Is Britain ‘undeveloping’ before our eyes? Part I

The pathologies characterising Britain’s emergence as the first ‘early developer’ may have accumulated to the point where they undermine its prospect of continuing development

What is Britain, and where does its political economy find itself today?  It is conventionally, and often utterly unthinkingly, treated as a ‘developed’ country, with all the trappings such a history and status supposedly imply.  Yet this is problematic.  To be developed is a static – and highly complacent – notion that implies the completion of a process, whereas the global political economy (GPE) in which contemporary Britain unavoidably has to operate as one of many ‘national’ political economies is increasingly fluid and dynamic.  It’s obvious that many countries are rising within the framework of the new GPE, which suggests that some must be declining, whether relatively or absolutely.

A different way of thinking is perhaps that Britain is actually at the end of a long cycle – of four hundred years or more – of capitalist development, with its pronounced post-imperial decline, first visible to others, if not necessarily its own economic and political elite, around half a century ago, now playing out fully.  The pathologies that accompanied and have come to characterise its distinctive experience – which at one time facilitated industrial development and maintained it beyond formal colonialism in a context of lingering imperial power and a benign, Western-led, globalising international order – may now have accumulated to the point that they do not equip it adequately for the rigours of today’s ‘global race’.  Indeed, they may even actively undermine Britain’s prospect of continuing development.

If this is true, Britain could again be first, albeit in a league table not of its choice!  It could be the first of the ‘early developers’ to be forced to grapple with the implications of sustained ‘undevelopment’.  This is defined here straightforwardly as the dismantling, rather than the building, of a viable, functioning political economy that satisfactorily serves its people. Moreover, it would be doing so in a context where many other countries are growing faster, becoming richer and thereby decisively restructuring the distribution of power in the GPE.  In other words, Britain arguably needs new answers to all of the classical questions of development at the exact moment when they are most difficult both to envisage and implement.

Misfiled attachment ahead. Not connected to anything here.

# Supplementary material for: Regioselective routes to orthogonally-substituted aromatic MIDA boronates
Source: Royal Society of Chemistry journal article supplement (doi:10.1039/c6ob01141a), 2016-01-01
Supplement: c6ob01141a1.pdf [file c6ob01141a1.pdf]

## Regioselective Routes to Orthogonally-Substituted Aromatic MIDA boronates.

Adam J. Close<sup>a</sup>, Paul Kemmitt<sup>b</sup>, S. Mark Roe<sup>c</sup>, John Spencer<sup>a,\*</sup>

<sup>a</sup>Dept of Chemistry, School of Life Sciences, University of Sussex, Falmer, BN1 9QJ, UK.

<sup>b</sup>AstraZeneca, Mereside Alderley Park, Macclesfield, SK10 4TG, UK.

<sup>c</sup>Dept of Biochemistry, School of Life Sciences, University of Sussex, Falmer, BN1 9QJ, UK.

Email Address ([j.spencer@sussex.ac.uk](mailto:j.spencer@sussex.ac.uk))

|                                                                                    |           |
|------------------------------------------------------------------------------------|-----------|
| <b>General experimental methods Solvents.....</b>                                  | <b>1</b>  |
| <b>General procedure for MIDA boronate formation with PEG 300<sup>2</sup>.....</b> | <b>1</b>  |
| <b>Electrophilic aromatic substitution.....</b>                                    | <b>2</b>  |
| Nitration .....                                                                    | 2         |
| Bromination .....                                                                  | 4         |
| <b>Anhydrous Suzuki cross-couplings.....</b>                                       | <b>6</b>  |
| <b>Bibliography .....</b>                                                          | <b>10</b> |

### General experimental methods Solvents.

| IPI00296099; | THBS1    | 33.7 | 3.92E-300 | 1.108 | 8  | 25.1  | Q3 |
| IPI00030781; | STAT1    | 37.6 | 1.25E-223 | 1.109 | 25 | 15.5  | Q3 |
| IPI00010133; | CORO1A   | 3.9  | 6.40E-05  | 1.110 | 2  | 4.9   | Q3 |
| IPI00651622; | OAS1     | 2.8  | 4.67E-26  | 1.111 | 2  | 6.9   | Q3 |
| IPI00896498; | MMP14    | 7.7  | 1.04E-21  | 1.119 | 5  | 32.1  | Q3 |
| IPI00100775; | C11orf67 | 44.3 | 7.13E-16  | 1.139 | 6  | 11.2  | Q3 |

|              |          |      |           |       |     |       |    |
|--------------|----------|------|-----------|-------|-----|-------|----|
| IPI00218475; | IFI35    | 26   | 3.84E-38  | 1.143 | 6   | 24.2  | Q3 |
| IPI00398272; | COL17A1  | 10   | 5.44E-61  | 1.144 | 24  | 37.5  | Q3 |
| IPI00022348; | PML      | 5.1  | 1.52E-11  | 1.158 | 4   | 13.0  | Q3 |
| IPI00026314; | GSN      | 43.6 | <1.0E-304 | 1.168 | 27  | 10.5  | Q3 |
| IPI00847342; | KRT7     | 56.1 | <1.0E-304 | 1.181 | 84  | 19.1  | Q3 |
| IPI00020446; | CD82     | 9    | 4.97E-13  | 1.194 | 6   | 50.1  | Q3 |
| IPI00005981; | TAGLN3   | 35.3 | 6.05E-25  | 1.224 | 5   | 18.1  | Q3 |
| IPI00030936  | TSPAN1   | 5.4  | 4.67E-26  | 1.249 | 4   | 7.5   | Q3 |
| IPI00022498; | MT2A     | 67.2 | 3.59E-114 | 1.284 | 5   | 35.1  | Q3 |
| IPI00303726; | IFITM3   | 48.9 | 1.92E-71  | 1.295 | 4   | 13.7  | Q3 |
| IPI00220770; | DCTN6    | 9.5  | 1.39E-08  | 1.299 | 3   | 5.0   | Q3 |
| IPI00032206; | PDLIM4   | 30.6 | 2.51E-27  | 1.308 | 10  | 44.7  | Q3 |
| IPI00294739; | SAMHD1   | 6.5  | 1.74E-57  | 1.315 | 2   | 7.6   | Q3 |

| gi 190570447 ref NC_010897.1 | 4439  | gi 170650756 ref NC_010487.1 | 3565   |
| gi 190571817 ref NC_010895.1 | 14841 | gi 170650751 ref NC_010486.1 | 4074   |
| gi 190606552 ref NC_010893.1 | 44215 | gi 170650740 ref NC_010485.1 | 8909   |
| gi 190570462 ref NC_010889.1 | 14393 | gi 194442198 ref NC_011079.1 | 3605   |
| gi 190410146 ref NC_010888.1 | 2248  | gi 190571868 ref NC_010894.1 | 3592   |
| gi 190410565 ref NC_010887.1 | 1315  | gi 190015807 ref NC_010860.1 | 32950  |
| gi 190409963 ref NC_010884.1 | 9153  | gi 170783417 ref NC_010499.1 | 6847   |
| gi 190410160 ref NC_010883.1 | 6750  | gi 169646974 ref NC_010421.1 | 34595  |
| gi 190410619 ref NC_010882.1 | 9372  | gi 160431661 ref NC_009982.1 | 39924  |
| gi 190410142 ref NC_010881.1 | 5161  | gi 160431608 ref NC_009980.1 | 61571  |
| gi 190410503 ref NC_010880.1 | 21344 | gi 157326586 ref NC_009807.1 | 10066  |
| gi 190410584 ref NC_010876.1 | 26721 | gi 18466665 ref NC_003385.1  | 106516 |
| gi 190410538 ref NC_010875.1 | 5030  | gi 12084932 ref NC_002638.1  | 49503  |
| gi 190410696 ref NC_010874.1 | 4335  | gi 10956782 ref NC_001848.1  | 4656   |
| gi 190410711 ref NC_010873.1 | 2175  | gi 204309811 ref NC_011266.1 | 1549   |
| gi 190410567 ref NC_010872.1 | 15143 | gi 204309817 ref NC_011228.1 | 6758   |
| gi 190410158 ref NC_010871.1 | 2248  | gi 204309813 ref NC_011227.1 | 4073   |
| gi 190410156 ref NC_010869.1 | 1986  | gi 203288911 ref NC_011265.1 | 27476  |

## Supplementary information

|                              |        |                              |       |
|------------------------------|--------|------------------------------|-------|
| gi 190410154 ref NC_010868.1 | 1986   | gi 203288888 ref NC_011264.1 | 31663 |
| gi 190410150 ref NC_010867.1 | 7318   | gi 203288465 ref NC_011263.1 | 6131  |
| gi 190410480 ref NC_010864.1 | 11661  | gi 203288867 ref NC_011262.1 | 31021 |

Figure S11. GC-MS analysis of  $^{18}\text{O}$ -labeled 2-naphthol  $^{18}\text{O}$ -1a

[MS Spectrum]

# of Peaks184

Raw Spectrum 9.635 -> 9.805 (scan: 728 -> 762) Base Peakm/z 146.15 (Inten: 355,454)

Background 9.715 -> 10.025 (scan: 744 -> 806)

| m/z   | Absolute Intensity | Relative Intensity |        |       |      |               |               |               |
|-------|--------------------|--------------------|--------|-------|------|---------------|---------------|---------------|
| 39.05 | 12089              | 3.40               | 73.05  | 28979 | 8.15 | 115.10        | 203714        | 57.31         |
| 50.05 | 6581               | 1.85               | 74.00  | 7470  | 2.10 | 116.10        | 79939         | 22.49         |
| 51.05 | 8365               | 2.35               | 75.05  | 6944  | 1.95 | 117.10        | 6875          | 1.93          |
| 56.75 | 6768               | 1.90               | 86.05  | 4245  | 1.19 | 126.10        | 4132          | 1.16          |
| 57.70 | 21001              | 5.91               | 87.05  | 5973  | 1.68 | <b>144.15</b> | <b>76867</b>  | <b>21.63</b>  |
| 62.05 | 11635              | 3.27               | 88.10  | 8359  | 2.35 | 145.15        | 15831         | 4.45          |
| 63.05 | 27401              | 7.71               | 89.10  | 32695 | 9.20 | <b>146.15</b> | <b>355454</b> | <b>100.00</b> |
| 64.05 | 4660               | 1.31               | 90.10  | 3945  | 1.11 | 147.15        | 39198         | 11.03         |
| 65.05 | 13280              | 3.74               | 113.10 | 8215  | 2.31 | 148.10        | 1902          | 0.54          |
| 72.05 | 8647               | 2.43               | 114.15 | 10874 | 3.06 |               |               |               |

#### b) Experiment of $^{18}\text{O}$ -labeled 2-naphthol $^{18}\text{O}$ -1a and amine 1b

There is, sadly, plenty of evidence to sustain such a claim.  On many measures, including low rates of investment, stagnant productivity, patterns of poverty and inequality, falling life expectancy, static social mobility, access to public services, pension provision, quality of housing and homelessness, public/private debt and a widening current account deficit, ability to levy tax from a wide base, atrophying transport and other infrastructure and, of course, bloody potholes everywhere (even on major motorways), Britain markedly ‘outperforms’ its ‘developed’ peers.  It does, at present, have very low unemployment, but this dubious success reflects only its ability to generate large numbers of badly-paid, precarious jobs in a poorly-regulated labour market in which millions of often-underemployed people are trapped by in-work poverty and dependence on foodbanks.

The reality is that Britain has experienced the slowest recovery from recession on record, with growth remaining stubbornly below its pre-financial crisis trend.  It will take almost two decades – effectively an entire generation – for real wages to return to where they were in 2007.  This has all been compounded by austerity, which further intensified the litany of pathologies outlined above, and the folly of Brexit, an act of staggering complacency when viewed against the longue durée of Britain’s development history.  For, after spending years telling people that taxes on the wealthy could not rise lest they depart, the Conservative government has pursued a form of Brexit in full knowledge that it will encourage businesses to leave and actively reduce growth, all the while remaining blithely unconcerned about the ever-growing cost (already in the tens of billions of pounds) of foregone taxes and preparations for the coming dislocation.  The cumulative effect of this will be a long-term disaster, making us all ‘persistently poorer’.